Practice Makes Perfect – or almost!

In this image I was using high frequency rewards to keep him in the down position. He looks a little stressed in this picture so there may have been cheering at this time or it was very warm that day and he is readjusting to the Texas heat!

I don’t think you can really practice too much as long as you give your dog breaks. This past weekend I went to my little (high school senior) brother’s soccer game. My family was in town and I wanted to join them on the field. I knew this would be a great opportunity to work with Loker on loud noises (cheering and clapping hands) as well as loose leash walking around lots of people (not necessarily dogs). He got lots of rewards every time the small crowd cheered and I worked on keeping him in the down position in this highly distracting setting. I was impressed that I was able to keep his attention on me most of the time – that means I brought the right reward for the situation – boiled chicken! Bringing the right reinforcement means the reward for listening to you is worth more than anything else in the environment.

One mistake many people make is not bringing the right reward for the situation. You can’t be afraid to bring super high value rewards to a highly distracting situation. What you use at home will usually be anything but motivating in a highly distracting area. Highly distracting situations can be group training classes, neighborhood park with other dogs, pet stores that allow pets, pet events, or any situation that your dog may be nervous or aroused in. If you bring the same old treats from home, your dog will not pay attention. It isn’t that he is “blowing you off”, it is because there are more highly rewarding things going on in the environment and those are more motivating than what you brought. And let me clarify, you are NOT bribing him, you are simply offering a delicious reward for doing what you ask. Bribing would be dangling the treat right in front of his nose and saying “if your sit Ill give you this chicken!” This is why it is critical to train in such a way that food motivation can be phased out once the dog knows what to do.  If you are using the techniques correctly it is absolutely possible to remove food as the motivation and replace it with play or praise. After all, you should be teaching the dog to work for you, not the treat.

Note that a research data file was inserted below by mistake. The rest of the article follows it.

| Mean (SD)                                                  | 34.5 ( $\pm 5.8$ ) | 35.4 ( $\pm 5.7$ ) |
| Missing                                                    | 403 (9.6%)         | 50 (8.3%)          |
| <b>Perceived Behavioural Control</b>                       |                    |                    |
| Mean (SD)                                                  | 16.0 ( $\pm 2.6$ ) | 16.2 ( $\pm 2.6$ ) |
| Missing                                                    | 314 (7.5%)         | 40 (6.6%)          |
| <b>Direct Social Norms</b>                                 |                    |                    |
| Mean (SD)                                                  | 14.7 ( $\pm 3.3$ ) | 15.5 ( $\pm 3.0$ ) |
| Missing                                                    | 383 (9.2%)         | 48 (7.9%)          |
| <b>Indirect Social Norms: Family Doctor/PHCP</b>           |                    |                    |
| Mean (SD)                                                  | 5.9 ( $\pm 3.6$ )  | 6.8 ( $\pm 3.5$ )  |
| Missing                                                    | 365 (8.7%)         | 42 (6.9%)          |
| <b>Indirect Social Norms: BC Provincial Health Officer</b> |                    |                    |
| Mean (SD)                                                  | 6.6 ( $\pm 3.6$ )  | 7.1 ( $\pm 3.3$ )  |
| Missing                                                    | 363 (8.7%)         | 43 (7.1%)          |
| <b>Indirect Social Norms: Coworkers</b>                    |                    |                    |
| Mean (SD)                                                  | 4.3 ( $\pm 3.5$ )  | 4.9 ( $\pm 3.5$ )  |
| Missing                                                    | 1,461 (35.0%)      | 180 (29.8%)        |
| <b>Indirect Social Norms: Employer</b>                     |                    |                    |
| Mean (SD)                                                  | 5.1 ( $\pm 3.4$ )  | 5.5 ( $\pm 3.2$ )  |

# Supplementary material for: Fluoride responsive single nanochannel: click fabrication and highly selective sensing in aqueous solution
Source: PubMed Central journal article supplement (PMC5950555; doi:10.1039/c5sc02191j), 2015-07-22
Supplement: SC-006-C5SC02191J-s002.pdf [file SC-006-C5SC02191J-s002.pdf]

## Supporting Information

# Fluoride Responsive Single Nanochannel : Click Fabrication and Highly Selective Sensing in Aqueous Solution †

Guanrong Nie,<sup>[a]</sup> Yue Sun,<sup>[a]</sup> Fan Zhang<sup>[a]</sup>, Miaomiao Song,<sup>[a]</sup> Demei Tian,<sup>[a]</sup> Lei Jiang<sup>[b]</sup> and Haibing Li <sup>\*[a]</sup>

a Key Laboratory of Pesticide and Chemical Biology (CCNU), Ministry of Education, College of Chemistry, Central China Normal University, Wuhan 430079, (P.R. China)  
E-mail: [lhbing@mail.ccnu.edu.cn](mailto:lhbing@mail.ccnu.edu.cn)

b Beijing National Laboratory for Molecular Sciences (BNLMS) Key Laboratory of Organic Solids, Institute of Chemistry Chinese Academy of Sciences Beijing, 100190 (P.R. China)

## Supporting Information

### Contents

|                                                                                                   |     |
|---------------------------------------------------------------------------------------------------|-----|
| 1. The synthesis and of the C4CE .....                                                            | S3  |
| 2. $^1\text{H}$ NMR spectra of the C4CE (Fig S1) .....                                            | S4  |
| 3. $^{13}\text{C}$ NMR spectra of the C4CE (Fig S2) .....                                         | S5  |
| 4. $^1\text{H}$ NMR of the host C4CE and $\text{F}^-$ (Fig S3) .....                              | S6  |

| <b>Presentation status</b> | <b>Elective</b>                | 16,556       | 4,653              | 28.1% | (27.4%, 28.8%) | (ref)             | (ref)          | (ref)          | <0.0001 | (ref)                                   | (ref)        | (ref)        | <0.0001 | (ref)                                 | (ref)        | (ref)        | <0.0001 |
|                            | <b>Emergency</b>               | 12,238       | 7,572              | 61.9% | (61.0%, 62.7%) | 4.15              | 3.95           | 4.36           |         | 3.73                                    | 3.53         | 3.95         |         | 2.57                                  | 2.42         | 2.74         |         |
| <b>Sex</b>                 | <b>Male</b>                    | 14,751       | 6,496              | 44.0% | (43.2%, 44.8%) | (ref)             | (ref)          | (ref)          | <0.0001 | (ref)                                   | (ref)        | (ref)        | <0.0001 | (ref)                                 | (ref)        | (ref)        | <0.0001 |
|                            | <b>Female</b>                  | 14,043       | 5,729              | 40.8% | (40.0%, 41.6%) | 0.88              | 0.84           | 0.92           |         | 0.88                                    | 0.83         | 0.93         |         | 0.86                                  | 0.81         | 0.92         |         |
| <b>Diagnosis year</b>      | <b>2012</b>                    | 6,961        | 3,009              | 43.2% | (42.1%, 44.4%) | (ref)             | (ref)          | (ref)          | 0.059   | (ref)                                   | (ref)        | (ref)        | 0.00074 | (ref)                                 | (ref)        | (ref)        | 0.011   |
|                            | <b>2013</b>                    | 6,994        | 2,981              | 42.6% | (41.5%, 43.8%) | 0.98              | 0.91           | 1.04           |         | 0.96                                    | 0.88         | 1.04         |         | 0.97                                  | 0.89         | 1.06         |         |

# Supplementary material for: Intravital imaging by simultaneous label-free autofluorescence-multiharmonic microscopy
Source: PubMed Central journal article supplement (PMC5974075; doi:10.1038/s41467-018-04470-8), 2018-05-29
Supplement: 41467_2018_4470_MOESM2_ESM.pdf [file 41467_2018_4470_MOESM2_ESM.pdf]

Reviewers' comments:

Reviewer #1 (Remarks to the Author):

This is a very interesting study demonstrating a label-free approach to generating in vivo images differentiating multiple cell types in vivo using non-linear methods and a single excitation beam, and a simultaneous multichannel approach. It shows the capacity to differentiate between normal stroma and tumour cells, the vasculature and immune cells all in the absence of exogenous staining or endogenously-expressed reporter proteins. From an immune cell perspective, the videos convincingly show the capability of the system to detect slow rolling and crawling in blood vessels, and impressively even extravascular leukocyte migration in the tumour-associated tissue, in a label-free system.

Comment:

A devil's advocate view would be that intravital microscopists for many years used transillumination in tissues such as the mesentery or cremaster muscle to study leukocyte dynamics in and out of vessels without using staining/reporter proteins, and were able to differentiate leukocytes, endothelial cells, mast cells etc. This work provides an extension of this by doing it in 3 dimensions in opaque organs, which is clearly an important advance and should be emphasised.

Another mistake is using the same treats for all training. For some dogs this may not be a problem, however, if you are having issues with keep your dog’s attention try to reserve certain treats for certain situations. For example, I only use chicken/hot-dogs for super distracting situations, like here on the soccer fields or in our group class. This will help the treat keep it’s value because you dog will know this is the only time it get’s such delicious rewards!

Keep on training! Practice makes almost perfect! 😉